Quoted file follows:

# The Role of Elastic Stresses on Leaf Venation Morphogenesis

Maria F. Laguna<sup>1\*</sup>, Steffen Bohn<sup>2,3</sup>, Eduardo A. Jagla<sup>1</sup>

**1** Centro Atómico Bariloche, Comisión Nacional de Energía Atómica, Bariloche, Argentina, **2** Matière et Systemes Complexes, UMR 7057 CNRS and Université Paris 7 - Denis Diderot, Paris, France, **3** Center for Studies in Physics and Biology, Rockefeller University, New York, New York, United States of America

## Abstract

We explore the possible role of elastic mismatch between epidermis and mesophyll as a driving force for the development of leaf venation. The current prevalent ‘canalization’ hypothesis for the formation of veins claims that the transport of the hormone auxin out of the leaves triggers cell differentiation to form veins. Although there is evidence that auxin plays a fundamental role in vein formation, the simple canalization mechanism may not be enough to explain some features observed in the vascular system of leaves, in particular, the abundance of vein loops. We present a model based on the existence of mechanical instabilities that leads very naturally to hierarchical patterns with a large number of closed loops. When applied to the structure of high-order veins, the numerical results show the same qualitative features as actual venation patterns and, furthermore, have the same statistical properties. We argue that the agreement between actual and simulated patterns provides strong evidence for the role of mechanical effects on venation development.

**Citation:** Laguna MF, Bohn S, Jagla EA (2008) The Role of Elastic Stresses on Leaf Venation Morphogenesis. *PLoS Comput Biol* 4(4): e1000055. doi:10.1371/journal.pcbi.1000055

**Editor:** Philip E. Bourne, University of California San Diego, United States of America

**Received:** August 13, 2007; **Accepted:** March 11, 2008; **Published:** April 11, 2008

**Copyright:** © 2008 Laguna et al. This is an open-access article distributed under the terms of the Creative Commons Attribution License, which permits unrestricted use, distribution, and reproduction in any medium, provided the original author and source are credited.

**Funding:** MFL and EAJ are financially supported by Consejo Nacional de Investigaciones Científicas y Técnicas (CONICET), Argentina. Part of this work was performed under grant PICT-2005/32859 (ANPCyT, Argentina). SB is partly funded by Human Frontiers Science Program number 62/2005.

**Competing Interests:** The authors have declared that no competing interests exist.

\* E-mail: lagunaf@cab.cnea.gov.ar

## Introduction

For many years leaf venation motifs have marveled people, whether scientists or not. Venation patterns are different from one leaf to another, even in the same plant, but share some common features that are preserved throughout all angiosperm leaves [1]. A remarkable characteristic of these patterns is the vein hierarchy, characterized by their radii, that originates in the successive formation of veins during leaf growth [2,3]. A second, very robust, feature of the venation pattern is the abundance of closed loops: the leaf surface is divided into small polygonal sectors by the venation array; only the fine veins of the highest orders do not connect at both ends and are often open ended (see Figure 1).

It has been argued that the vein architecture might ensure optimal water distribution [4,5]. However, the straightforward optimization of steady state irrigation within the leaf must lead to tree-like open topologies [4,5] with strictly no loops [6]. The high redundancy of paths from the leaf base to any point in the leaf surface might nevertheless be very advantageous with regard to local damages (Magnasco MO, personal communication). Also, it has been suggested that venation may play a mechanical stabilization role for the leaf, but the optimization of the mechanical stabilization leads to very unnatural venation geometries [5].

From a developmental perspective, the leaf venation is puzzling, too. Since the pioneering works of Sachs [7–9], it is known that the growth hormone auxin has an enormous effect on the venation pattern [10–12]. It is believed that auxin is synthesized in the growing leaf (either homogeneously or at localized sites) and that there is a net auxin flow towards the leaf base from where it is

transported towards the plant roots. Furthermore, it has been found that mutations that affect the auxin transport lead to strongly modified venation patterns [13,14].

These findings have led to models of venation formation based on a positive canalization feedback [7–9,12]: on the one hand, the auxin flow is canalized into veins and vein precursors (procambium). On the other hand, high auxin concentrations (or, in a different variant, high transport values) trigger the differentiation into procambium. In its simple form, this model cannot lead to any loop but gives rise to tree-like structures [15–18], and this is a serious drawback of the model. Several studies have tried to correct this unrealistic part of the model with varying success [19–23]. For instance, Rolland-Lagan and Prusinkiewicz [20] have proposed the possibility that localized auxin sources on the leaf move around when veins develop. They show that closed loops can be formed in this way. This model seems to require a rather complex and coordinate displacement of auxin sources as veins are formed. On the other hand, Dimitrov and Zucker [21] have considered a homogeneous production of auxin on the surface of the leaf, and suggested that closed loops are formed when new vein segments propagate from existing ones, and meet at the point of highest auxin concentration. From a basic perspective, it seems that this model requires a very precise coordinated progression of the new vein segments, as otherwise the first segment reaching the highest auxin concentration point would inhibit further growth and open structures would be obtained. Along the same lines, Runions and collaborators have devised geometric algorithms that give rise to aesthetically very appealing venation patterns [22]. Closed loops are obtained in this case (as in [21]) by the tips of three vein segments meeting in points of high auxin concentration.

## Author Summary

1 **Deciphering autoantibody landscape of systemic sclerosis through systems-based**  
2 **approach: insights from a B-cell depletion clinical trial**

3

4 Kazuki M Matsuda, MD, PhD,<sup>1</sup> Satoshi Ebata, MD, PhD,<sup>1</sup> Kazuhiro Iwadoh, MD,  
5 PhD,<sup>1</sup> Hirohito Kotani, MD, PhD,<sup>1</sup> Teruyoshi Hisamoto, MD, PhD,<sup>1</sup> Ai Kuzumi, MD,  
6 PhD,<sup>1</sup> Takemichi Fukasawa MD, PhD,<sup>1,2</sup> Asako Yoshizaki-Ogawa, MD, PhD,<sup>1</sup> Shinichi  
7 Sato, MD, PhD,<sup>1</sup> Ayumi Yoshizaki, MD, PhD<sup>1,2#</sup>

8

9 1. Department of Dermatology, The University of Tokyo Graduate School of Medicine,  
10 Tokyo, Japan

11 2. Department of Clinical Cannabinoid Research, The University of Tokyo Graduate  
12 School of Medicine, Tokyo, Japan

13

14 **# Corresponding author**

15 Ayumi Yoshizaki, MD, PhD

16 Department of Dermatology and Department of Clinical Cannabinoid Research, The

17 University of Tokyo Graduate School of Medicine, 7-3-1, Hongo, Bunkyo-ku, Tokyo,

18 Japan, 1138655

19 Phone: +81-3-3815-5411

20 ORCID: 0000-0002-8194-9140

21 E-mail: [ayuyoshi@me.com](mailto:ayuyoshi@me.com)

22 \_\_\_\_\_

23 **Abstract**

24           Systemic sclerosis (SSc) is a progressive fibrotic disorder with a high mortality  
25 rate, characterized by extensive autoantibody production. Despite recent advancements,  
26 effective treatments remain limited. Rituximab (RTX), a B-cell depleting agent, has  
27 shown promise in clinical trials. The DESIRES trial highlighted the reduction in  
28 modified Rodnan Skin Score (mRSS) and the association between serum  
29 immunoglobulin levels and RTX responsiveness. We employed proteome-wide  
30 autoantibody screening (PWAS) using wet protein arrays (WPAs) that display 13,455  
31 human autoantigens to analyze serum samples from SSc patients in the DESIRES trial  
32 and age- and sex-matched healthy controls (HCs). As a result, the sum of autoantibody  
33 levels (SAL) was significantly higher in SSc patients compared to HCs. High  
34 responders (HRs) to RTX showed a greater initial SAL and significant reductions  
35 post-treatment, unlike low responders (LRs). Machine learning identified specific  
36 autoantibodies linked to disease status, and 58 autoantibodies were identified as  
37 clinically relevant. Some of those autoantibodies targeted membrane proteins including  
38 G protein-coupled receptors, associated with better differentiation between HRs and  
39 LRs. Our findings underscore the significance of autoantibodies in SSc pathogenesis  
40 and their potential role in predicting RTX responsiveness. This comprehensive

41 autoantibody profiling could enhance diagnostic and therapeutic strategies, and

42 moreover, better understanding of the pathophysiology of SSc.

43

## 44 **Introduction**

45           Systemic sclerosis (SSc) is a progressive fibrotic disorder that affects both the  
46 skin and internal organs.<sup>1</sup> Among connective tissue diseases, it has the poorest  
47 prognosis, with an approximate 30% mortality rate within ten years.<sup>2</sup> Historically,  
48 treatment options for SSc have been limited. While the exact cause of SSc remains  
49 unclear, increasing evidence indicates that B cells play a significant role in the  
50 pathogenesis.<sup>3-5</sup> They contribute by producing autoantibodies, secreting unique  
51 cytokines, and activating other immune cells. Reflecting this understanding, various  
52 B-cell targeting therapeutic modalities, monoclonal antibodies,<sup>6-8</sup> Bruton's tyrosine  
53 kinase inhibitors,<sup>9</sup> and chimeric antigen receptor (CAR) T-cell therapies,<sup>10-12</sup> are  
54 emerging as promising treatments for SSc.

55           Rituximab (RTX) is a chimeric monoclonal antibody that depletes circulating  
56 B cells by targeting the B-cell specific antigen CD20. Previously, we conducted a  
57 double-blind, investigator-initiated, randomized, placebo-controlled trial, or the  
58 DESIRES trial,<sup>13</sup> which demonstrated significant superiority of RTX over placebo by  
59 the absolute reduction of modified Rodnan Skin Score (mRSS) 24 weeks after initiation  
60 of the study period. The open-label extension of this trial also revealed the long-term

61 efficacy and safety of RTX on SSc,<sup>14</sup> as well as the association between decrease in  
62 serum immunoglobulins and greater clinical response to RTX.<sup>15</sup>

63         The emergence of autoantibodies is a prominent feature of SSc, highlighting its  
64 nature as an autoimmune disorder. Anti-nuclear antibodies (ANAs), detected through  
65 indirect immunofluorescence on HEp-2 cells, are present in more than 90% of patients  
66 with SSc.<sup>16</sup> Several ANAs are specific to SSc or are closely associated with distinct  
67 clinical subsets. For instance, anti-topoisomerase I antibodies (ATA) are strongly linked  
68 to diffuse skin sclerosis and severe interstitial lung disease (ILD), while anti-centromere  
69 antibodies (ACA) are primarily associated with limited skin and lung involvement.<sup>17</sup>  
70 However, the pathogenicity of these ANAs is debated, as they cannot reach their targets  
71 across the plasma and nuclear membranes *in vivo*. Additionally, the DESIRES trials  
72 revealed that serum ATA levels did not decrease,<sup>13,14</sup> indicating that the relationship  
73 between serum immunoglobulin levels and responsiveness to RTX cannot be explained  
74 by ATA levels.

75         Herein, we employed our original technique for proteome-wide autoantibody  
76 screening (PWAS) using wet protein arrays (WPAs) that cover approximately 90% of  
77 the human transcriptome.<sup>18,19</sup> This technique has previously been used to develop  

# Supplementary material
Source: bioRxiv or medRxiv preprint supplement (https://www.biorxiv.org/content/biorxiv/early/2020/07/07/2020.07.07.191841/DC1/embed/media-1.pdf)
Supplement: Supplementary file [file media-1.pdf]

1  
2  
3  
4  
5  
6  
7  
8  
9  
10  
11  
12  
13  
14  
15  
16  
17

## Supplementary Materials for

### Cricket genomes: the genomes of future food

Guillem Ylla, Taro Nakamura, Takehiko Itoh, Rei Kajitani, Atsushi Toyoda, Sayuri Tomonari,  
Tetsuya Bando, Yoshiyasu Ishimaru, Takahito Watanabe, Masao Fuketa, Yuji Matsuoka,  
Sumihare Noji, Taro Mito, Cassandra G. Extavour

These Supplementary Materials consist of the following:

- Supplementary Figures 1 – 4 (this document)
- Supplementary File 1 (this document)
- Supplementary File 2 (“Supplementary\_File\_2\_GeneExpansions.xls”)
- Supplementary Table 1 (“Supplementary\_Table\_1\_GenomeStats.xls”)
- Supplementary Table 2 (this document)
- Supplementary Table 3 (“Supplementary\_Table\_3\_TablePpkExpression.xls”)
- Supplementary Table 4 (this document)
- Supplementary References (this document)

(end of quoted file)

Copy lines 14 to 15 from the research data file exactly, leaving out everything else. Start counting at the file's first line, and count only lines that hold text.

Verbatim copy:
For many years leaf venation motifs have marveled people, whether scientists or not. Venation patterns are different from one leaf to another, even in the same plant, but share some common features that are preserved throughout all angiosperm leaves [1]. A remarkable characteristic of these patterns is the vein hierarchy, characterized by their radii, that originates in the successive formation of veins during leaf growth [2,3]. A second, very robust, feature of the venation pattern is the abundance of closed loops: the leaf surface is divided into small polygonal sectors by the venation array; only the fine veins of the highest orders do not connect at both ends and are often open ended (see Figure 1).

It has been argued that the vein architecture might ensure optimal water distribution [4,5]. However, the straightforward optimization of steady state irrigation within the leaf must lead to tree-like open topologies [4,5] with strictly no loops [6]. The high redundancy of paths from the leaf base to any point in the leaf surface might nevertheless be very advantageous with regard to local damages (Magnasco MO, personal communication). Also, it has been suggested that venation may play a mechanical stabilization role for the leaf, but the optimization of the mechanical stabilization leads to very unnatural venation geometries [5].